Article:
NEWPORT NEWS, Va. - The Chief of Naval Operations is expressing confidence about a decision to purchase two Ford-class aircraft carriers at once.
Admiral John Richardson paid a visit to the USS Gerald R. Ford last week. The ship is currently in a year-long post-shakedown availability at Newport News Shipbuilding, the only place to build aircraft carriers for the Navy.
In January, the Navy and Huntington Ingalls, the parent company of Newport News Shipbuilding, agreed to terms for contract awarding the construction of two future Ford-class carriers at once.
The $15.2 billion contract modification covers detail design and construction of the future USS Enterprise, CVN 80, as well as CVN 81 which has not yet been named. The move is expected to save more than $4 billion across the program.
"I think it’s fantastic. First, we need these aircraft carriers out in the fleet. We need these new carriers out in the fleet with all the performance they are going to bring," Admiral Richardson said in an interview with News 3.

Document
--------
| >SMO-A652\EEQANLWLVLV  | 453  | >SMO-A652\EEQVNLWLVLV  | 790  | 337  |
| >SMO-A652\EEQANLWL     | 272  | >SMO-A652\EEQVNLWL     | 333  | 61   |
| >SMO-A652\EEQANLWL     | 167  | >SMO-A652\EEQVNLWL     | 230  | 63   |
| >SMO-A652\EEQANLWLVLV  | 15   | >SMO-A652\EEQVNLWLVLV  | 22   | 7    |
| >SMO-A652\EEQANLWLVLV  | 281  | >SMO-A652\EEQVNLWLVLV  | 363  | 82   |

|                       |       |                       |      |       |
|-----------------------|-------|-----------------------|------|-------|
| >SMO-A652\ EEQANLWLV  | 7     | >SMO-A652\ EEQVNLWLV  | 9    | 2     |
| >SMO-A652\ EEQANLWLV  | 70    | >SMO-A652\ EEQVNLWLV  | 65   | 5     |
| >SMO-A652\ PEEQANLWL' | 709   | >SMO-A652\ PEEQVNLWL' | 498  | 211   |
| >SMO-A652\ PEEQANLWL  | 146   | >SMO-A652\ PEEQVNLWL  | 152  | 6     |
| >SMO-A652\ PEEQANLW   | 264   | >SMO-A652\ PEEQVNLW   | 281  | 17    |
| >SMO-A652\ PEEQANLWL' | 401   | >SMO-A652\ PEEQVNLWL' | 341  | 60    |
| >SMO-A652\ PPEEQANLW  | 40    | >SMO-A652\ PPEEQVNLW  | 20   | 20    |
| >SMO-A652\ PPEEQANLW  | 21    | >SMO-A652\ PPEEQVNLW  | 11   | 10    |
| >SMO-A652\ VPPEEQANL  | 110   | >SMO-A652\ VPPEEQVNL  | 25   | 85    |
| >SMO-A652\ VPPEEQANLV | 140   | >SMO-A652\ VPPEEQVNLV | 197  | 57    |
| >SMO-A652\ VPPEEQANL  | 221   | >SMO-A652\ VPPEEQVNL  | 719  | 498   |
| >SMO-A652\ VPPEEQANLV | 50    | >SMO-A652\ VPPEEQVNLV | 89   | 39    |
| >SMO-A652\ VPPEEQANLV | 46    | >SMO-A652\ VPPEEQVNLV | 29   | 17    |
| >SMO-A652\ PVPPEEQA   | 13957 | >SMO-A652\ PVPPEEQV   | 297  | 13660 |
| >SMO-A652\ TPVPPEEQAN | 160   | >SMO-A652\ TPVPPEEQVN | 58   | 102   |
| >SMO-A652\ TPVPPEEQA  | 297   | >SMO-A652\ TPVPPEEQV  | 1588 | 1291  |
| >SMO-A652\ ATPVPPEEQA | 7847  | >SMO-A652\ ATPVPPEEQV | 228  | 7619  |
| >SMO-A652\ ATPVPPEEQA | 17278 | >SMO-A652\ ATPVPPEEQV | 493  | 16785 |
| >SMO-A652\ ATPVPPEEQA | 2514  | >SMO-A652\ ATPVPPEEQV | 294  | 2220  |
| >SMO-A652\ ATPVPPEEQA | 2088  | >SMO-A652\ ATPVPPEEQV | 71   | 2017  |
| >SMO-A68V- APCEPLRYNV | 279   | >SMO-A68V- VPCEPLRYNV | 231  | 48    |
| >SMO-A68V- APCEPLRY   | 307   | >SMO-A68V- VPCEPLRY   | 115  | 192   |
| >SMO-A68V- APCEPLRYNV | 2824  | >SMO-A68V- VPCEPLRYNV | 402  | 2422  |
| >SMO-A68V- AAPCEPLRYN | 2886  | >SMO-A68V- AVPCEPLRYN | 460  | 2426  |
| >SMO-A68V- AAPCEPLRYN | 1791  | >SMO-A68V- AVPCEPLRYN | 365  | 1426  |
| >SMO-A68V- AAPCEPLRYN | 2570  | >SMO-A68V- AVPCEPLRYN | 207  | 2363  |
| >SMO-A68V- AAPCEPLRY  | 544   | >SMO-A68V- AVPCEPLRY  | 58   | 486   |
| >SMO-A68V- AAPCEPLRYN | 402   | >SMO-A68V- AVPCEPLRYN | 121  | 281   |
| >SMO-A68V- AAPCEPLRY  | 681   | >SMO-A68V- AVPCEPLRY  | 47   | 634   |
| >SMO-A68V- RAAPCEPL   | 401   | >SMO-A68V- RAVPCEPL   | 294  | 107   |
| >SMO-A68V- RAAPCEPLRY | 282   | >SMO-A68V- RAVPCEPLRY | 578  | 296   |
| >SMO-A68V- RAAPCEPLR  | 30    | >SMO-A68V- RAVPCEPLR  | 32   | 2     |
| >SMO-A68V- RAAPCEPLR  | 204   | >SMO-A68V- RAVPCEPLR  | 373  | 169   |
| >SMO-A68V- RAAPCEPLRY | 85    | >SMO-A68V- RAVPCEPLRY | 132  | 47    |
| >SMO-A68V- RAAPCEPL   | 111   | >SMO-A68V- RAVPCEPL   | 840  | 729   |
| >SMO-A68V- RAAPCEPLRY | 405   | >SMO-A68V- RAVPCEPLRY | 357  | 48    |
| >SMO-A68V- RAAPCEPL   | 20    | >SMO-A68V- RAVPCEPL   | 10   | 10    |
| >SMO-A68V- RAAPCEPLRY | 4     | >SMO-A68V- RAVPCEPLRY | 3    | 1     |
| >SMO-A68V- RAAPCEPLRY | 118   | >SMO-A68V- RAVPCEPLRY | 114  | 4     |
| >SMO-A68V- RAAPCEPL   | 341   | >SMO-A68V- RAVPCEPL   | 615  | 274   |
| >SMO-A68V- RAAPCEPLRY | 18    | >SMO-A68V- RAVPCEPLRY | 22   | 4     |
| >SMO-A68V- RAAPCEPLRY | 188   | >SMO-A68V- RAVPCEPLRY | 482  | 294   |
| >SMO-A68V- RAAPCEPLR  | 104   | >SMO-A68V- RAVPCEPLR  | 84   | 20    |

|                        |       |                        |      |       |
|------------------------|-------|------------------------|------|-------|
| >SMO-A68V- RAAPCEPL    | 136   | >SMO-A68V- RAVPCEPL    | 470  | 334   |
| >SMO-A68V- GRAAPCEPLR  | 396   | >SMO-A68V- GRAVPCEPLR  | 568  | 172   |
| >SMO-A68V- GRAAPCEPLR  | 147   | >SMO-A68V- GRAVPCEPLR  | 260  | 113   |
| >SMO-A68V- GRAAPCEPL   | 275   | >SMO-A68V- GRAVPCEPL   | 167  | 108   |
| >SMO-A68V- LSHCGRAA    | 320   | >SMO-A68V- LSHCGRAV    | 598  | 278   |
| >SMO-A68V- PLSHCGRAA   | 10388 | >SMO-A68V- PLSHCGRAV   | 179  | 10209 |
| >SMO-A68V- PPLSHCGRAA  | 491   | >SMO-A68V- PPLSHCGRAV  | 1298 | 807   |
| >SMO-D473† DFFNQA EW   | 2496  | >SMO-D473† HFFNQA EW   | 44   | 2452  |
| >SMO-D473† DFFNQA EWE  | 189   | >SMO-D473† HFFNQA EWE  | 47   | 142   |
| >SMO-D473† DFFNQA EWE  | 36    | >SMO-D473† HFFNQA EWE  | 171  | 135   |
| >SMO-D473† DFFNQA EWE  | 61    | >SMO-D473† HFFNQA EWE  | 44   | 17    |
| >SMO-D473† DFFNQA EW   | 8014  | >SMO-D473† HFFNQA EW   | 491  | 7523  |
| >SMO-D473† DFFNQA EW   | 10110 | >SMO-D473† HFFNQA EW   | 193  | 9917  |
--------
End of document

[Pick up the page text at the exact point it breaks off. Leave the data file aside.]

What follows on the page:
Admiral Richardson says he believes many of the issues that have plagued the development of the Ford-class program will be resolved well before the block-buy carriers come to the fleet and they will have features not even developed today.
"We are going to be talking about how big of a laser can I put on this ship to help defend itself. How much high-power microwave, what can I do to improve this radar. How much more combat capability can I build into those ships that was not even thought of when we designed the first ship, the Ford," Admiral Richardson shared.
Newport News Shipbuilding says the block-buy contract will provide stability in their workforce into the year 2032 and it will also provide stability for suppliers across the country.
"That signal of confidence resonates through the entire industrial base. People can now start to make plans. They can start to buy material at its optimum price. They can start to hire people and level out their workload curves and make the workers have a much more predictable life. All of this reduces risk and when you reduce risk, you reduce cost. That’s how we were able to save $4 billion on those two ships when we bought them together," stated Admiral Richardson.
Construction on the Enterprise began in 2017, with the ship expected to be delivered to the Navy in 2028.
CVN 80 is scheduled to be delivered in 2032.